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# A Gentle Intro duction to TEX - Doob M.

Doob M. A Gentle Intro duction to TEX - MDOOB, 1994. - 96 p.
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TgXbook: 355

TgXbook: 102

The control word \parshape can be used to make paragraphs with a greater variety of shapes.

ÒÙÕÜîîê: 101

Another useful control word for setting paragraphs is \item. It can be used to make various types of itemized lists, and is invoked using the pattern \item{...}. This causes the next paragraph to be formed with every line indented by \parindent and, in addition, the first line labeled on the left by whatever is between the braces. It is usually used with \parskip = 0 pt, since that control word determines the vertical space between the different items. The control word \itemitem is the same as \item except that the indentation is twice as far, that is, twice the value of \parindent. Here is an example:

ÒÙÕÜîîê: 102

\parskip = Opt \parindent = 30 pt \noindent

Answer all the following questions: \item{(l)} What is question I? \item{(2)} What is question 2? \item{(3)} What is question 3? \itemitem{(3a)} What is question 3a? \itemitem{(3b)} What is question 3b?

will produce

24
A T^X intro (Canadian spelling) Section 3: The shape of things to come

(1) What is question I?

(2) What is question 2?

(3) What is question 3?

(3a) What is question 3a?

(3b) What is question 3b?

d> Exercise 3.6 Make a paragraph several lines long and use it with the \item control word to see the “hanging indent.” Now take the same paragraph and use it with different values of \parindent and \hsize.

Now let’s see how to put space between paragraphs. The control word \parskip is used to determine how much space is normally left between paragraphs. So if you put \parskip = 12 pt at the beginning of your T^X source file, there will be 12 points between paragraphs unless other instructions are given. The control word \vskip can be used to insert extra vertical space between paragraphs. If \vskip I in or \vskip 20 pt appears between two paragraphs, then the extra space is inserted.

There are a couple of peculiarities of \vskip that seem quite strange at first. If you have \vskip 3 in and the skip starts two inches from the bottom of the page, the rest of the page is skipped, but the extra one inch is not skipped at the top of the next page. In other words, \vskip will not insert space across page boundaries. In fact, \vskip I in will have no effect at all if it happens to appear at the top of a page! For many types of vertical spacing this is quite appropriate. The space before a section heading, for example, should not continue across page boundaries.

A similar phenomenon occurs at the beginning of your document. If, for example, you want a title page with the title about half way down the page, you can not insert the space at the top of the page using \vskip.

But what if you really want some blank space at the top of a page? You could start the page with \u but this in effect typesets a one line paragraph containing a blank. So while nothing is typeset, the extra space due to the values of \baselineskip and \parskip will add extra space. An easier method is to use \vglue instead of \vskip to get the desired result. Thus \vglue I in will leave one inch of blank space at the top of the page. Tgxbook: 352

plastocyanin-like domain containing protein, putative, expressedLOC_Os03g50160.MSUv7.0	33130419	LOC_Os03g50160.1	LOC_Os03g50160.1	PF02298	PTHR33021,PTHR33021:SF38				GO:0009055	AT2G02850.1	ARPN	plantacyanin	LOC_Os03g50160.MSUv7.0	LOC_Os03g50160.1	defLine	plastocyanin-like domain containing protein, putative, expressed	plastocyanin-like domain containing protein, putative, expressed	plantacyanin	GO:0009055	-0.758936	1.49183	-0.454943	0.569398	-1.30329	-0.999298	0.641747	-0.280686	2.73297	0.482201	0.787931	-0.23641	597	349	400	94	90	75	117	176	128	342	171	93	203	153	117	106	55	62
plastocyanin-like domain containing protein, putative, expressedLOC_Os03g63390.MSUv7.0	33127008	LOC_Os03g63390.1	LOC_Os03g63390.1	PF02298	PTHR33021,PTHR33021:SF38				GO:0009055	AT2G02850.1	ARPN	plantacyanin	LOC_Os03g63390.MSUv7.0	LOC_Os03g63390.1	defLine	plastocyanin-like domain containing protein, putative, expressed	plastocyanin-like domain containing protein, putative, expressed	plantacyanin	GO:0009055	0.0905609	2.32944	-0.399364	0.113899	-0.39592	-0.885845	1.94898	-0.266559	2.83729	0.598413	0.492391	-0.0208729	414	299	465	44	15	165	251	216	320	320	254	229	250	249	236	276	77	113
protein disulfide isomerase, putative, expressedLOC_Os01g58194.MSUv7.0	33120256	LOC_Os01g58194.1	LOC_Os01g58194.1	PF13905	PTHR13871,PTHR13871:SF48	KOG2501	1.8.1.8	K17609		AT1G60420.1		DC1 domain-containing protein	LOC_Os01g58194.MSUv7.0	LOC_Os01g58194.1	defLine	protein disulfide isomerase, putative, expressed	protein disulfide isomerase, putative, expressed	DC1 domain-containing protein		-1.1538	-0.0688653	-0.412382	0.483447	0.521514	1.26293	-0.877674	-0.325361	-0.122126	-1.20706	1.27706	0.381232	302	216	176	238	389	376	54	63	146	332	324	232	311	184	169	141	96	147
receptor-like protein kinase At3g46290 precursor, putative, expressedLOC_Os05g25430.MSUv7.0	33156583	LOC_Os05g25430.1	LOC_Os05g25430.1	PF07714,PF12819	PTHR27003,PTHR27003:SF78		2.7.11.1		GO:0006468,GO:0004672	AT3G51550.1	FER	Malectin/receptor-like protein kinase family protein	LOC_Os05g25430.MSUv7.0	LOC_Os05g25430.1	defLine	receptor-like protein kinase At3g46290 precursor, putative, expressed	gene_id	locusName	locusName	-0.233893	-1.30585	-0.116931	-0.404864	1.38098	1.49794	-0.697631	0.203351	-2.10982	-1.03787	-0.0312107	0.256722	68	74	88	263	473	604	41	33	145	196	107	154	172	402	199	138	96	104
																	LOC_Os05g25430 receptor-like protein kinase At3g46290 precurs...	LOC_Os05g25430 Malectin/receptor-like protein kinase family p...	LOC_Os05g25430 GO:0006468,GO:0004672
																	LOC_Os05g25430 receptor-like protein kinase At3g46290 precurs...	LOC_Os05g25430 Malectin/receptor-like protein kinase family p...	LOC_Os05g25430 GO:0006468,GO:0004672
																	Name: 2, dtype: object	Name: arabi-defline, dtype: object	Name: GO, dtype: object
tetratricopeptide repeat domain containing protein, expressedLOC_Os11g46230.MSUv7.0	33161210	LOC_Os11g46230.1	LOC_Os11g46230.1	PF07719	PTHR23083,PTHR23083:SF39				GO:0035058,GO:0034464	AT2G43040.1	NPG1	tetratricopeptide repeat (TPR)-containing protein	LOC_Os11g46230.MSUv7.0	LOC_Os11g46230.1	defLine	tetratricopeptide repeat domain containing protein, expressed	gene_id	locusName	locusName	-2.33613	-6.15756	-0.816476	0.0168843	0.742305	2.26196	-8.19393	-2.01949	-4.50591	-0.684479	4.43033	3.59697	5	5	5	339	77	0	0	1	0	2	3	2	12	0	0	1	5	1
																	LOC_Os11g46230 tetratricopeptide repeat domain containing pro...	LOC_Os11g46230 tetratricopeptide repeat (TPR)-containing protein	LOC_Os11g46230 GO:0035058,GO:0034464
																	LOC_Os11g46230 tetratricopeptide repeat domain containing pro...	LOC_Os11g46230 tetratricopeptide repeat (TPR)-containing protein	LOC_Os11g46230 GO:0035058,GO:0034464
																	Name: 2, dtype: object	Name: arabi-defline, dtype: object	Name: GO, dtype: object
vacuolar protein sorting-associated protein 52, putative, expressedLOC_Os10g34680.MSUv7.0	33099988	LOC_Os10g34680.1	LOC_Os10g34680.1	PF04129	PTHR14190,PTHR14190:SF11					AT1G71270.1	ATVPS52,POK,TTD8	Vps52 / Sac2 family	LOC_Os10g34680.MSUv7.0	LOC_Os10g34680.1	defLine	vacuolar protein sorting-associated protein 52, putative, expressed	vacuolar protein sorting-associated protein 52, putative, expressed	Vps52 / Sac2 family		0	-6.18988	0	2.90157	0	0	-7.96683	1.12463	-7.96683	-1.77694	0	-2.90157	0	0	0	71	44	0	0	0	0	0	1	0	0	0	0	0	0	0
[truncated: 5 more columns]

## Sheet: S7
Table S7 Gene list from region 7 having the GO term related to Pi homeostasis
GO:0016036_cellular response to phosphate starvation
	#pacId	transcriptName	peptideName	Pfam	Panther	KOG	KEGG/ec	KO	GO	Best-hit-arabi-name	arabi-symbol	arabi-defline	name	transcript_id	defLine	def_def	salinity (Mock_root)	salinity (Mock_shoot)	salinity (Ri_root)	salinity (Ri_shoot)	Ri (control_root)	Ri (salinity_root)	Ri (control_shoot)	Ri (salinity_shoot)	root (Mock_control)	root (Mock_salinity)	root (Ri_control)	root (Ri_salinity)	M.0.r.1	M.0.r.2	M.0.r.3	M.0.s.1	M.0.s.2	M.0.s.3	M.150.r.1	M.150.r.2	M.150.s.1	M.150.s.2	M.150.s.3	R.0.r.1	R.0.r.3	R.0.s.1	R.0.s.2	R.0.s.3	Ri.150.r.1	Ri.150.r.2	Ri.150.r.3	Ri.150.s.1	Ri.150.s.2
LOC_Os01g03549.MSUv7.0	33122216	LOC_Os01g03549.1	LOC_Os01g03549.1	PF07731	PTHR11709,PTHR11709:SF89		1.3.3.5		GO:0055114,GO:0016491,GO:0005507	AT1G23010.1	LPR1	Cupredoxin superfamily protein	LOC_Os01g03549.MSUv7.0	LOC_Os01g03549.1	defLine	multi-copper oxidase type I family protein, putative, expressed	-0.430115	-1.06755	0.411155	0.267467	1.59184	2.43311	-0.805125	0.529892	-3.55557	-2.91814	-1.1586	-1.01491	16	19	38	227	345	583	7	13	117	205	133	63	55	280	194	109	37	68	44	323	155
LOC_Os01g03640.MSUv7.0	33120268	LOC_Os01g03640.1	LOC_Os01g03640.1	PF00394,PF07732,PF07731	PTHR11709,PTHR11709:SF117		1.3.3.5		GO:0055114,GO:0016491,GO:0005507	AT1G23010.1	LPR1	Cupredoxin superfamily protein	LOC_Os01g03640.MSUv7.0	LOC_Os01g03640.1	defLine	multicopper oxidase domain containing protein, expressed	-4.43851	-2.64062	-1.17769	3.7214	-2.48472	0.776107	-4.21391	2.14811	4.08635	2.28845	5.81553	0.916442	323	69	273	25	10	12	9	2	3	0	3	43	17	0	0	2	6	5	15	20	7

We can note in passing that there is another more general method to put material at the top of a page using the control words \topinsert and \endinsert. If \topinsert ...

\endinsert is used within a page, the material between \topinsert and \endinsert will appear at the top of the page, if possible. For example:

25

Section 3: The shape of things to come

\topinsert \vskip I in

\centerline{Figure 1} \endinsert

is useful for inserting figures of a prescribed size.

rIEXbook: 115

There are also some special control words for making small vertical skips. They are \smallskip, \medskip, and \bigskip. Here is the size of each one:

3.4 Line shape

For most material T^X does a good job of breaking up a paragraph into lines. But sometimes it’s necessary to add further instructions. It’s possible to force a new line by inserting \hfill \break in your input file. It’s also possible to put some text on a line by itself using the control word \line{...}; then the material between the braces will be restricted to one line (although the result will be spread out over the whole line and maybe horrible). The control words \leftline{...}, \rightline{...}, and \centerline{.. J will, respectively, set the material between the braces on a single line on the left margin, on the right margin, or centred. Thus

\leftline{I,m over on the left.}

\centerline{I’m in the centre.}

\rightline{I’m on the right.}

\line{I just seem to be spread out all over the place.}

produces the four lines:

I’m over on the left.

Other types of spacing can be obtained by using the control word \hfil. This causes all the extra space in the line to be accumulated at the position where \hf il appears. Thus if we alter our last example to \line{I just seem to be spread out \hfil all over the place.} we will get
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